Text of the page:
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TV Remains Dominant Platform for Multi-sourced Content Across Asia

Despite the challenge of enhanced internet access throughout most of Asia, television has retained a pivotal role, although ever more frequently it is being called upon to host content sourced through a growing variety of digital routes.

Photo: Grandpas Over Flowers: Originally a Korean format, now a global success.
Grandpas Over Flowers: Originally a Korean format, now a global success.
Photo: Grandpas Over Flowers: Originally a Korean format, now a global success.
Grandpas Over Flowers: Originally a Korean format, now a global success.

Held at the end of last year, the most recent instalment of the Asian Television Forum was the largest in the event's history. For many, this underlines the growing significance of the China, Indochina and Southeast Asia markets within the wider broadcasting world.

Three individual national markets attracted particular attention – Indonesia, Thailand and Myanmar. Highlighting the particular idiosyncrasies of the Indonesian market was David Fernando Audy, President Director of Media Nusantara Citra, the Jakarta-based radio, print and broadcast conglomerate.

Outlining the singular nature of the market, he said: "Home to 260 million people, Indonesia is the fourth-most-populous country in the world. It has an average age of just 29, while the mean in most western countries is around 50. As the country consists of more than 17,000 islands, however, developing an effective internet infrastructure has been a continuing challenge.

"As a consequence, overall internet penetration remains as low as 34%. Among those connected, conflicting reports suggest that between 70% and 93% of all such access is via a smartphone. Inevitably then, television has remained the dominant medium.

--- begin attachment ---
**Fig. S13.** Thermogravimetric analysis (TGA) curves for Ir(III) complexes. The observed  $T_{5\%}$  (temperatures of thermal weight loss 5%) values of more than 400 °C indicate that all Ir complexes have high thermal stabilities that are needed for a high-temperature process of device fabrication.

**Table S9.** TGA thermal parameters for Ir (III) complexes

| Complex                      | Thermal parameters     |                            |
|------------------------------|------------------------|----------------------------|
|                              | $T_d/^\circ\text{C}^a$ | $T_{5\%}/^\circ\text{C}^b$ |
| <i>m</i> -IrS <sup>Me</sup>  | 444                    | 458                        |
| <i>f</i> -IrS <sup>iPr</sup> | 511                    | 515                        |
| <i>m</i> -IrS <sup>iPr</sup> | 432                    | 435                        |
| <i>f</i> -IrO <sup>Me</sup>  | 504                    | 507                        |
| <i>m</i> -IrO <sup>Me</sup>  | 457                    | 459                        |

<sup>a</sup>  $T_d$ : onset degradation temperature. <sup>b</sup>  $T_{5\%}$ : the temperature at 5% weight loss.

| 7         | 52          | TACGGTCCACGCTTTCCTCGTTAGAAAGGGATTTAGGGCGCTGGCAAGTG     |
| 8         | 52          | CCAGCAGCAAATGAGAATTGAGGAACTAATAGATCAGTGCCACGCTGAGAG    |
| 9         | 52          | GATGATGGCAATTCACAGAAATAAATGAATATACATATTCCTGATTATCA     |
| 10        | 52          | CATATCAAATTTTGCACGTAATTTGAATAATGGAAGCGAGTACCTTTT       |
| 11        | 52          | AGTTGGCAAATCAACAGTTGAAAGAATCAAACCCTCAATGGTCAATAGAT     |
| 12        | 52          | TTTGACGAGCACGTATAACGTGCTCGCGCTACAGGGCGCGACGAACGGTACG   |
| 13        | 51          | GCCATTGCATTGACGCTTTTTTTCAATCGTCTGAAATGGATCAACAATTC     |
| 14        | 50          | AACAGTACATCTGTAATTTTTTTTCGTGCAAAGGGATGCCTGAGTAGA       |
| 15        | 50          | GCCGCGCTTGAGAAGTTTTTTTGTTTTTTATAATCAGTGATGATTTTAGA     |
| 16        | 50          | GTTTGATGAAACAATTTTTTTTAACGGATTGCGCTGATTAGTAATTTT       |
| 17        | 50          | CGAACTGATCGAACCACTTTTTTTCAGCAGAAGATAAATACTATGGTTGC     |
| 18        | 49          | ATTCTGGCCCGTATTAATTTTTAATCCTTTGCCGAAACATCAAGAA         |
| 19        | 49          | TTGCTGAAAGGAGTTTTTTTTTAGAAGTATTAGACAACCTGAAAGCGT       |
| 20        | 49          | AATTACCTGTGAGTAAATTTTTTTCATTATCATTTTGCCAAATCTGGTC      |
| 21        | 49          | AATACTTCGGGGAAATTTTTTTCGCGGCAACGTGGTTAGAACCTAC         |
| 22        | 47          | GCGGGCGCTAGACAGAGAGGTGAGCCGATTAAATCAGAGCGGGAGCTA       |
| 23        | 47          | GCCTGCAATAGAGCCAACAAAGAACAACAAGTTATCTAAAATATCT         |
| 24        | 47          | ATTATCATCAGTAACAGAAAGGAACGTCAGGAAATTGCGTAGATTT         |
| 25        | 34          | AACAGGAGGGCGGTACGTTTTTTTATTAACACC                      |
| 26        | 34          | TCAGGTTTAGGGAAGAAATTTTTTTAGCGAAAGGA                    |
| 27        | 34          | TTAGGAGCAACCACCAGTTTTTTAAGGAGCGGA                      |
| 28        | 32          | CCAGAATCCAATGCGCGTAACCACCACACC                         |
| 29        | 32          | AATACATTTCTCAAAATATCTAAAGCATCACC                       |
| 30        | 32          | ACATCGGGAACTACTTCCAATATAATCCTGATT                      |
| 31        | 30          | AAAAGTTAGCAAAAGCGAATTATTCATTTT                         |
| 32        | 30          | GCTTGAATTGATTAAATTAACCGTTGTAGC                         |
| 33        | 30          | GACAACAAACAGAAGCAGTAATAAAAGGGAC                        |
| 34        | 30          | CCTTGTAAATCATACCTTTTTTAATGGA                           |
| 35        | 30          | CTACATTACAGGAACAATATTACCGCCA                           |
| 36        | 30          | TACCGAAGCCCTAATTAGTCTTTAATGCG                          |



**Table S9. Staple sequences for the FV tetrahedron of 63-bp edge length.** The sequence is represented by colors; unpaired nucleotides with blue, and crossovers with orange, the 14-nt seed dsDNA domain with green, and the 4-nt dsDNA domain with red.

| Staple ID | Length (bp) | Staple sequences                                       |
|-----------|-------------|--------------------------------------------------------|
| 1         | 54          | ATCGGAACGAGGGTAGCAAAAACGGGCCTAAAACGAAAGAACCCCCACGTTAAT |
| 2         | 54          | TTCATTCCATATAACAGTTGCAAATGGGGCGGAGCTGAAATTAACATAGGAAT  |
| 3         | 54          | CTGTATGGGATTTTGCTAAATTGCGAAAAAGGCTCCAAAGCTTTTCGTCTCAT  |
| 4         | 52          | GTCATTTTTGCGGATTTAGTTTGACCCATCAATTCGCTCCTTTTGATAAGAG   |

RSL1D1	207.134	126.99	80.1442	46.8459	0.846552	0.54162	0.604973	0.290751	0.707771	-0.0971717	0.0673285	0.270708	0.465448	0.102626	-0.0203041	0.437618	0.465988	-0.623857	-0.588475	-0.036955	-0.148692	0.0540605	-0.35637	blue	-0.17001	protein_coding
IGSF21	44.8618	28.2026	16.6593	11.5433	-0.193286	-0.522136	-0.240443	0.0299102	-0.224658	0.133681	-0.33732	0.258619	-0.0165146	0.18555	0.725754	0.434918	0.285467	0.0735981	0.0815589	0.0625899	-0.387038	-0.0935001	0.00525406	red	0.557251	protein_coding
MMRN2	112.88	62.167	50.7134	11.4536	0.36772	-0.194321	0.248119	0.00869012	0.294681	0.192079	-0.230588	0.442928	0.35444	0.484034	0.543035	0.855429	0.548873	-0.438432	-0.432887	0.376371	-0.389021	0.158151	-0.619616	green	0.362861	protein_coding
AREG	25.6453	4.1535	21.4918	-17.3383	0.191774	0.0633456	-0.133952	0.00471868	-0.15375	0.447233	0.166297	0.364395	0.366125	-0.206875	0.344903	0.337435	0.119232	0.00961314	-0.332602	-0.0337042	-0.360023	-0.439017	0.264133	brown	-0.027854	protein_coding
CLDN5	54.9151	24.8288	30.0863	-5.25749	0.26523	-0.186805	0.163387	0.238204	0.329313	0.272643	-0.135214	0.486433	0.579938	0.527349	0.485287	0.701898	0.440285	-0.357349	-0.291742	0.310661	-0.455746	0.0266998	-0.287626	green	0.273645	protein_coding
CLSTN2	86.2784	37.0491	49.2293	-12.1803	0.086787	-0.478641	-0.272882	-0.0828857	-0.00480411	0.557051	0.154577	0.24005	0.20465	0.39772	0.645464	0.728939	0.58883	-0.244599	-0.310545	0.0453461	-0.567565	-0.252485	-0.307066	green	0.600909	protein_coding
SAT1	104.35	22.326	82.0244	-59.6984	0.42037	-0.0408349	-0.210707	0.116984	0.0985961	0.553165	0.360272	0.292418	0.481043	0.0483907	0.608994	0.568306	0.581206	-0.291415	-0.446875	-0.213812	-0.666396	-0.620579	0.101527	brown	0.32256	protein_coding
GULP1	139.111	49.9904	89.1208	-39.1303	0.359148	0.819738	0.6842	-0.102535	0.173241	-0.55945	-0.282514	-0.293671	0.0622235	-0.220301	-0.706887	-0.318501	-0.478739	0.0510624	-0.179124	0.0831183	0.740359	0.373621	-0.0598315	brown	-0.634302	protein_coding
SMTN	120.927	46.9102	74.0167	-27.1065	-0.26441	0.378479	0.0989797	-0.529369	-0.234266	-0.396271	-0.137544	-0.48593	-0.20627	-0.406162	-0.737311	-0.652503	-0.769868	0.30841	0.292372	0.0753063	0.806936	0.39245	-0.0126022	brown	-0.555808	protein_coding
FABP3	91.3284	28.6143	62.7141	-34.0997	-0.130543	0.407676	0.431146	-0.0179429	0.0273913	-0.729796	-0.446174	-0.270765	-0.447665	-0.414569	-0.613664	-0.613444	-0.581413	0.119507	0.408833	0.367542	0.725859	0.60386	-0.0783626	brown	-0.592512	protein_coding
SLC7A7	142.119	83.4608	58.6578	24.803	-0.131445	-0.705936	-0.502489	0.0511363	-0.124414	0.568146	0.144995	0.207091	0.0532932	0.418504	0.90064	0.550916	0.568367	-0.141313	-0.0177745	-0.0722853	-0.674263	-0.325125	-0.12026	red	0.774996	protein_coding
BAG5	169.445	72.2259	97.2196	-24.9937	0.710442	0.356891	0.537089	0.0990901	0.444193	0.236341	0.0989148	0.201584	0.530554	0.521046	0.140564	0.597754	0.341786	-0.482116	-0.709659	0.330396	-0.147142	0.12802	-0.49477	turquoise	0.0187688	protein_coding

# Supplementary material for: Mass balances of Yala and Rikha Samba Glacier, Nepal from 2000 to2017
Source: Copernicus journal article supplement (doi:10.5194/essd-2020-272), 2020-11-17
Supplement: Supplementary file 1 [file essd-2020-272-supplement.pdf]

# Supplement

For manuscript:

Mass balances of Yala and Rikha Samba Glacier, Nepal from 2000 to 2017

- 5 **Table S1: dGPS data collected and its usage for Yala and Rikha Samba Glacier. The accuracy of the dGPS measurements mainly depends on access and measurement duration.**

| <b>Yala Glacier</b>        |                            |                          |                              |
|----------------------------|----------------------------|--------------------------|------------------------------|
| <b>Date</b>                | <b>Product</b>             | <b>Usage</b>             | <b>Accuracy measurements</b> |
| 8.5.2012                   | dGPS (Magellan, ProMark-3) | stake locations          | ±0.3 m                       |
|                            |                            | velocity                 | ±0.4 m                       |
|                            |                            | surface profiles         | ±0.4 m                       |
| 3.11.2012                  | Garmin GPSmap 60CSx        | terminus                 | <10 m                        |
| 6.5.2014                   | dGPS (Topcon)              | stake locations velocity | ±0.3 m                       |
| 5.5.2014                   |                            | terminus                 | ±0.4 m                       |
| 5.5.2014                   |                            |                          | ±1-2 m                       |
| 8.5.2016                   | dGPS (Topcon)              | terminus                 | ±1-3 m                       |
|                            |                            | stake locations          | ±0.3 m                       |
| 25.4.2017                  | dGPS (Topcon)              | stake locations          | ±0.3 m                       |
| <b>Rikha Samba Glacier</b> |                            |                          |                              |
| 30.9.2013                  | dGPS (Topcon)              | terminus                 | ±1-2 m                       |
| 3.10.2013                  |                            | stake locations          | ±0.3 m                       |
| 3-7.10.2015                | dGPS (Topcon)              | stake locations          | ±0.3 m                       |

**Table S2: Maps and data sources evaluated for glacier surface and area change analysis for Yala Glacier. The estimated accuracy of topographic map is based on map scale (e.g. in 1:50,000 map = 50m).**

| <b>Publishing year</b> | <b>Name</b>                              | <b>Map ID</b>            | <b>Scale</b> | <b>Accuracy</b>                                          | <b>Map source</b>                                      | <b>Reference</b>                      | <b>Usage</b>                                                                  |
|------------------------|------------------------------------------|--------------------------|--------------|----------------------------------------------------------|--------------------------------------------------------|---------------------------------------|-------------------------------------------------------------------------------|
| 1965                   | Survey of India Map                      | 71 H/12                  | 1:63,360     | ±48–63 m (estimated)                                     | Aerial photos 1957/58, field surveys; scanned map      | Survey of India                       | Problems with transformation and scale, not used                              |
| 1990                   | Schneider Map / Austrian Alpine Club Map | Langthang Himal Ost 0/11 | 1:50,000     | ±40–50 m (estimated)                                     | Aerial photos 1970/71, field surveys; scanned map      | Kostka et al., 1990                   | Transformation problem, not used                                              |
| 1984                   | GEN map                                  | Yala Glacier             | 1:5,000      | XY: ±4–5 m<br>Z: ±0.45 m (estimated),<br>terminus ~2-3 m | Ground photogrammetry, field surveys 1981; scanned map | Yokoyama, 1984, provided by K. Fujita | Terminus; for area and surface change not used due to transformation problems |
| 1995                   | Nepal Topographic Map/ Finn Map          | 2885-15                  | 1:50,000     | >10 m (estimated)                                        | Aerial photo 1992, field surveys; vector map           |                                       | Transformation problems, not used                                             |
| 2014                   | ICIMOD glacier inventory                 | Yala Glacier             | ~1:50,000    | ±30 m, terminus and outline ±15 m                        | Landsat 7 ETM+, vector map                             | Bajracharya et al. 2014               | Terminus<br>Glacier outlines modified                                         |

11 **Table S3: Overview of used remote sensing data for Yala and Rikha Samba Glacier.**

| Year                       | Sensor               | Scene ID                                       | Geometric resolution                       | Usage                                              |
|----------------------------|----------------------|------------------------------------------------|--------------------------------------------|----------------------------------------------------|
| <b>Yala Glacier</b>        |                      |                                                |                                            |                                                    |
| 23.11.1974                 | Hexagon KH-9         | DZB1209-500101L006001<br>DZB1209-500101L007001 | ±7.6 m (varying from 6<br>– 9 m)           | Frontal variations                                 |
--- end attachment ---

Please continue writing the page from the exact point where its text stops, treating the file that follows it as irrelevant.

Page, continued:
"At present, the country's low – but growing – per-capita GDP has resulted in only a relatively low 7% uptake for pay TV service, while free-to-air television is still performing well and continuing to expand, with 35-year-olds and above now accounting for the largest viewer demographic. Overall, the growth of online media is yet to negatively impact on television's market share. However, print media seems to be suffering."

With responsibilities for both Thailand and Myanmar, David Peatrarut, Managing Director of Nielsen Thailand's Media Client Leadership division, said: "The typical Thai viewer now watches an average of four hours and 18 minutes of television a day. Drama is the most popular genre, accounting for 27% of all programming hours. Of these, 71% are locally-produced dramas, 14% are Korean and 6% are Chinese, with Western dramas making up just 2%.

"In terms of demographics, by 2030, 19% of all viewers will be 65% or above. This makes the market surprisingly like that of Singapore, where 23% of all viewers will be in a similar age group at that point.

"In terms of Myanmar, at the moment we track just six urban centres across the country, with television access in the more rural areas still very limited. Prime time is 6pm to 9pm, which is earlier than most markets in the region, while there is also a second, smaller prime time from noon to 2pm.

"Afternoon viewing is driven mainly by viewers aged 50 and above, while the main prime-time segment is driven largely by children. Language, though, remains a key challenge for broadcasters, with local drama dominating as programming from other Asian countries needs to be subtitled or dubbed."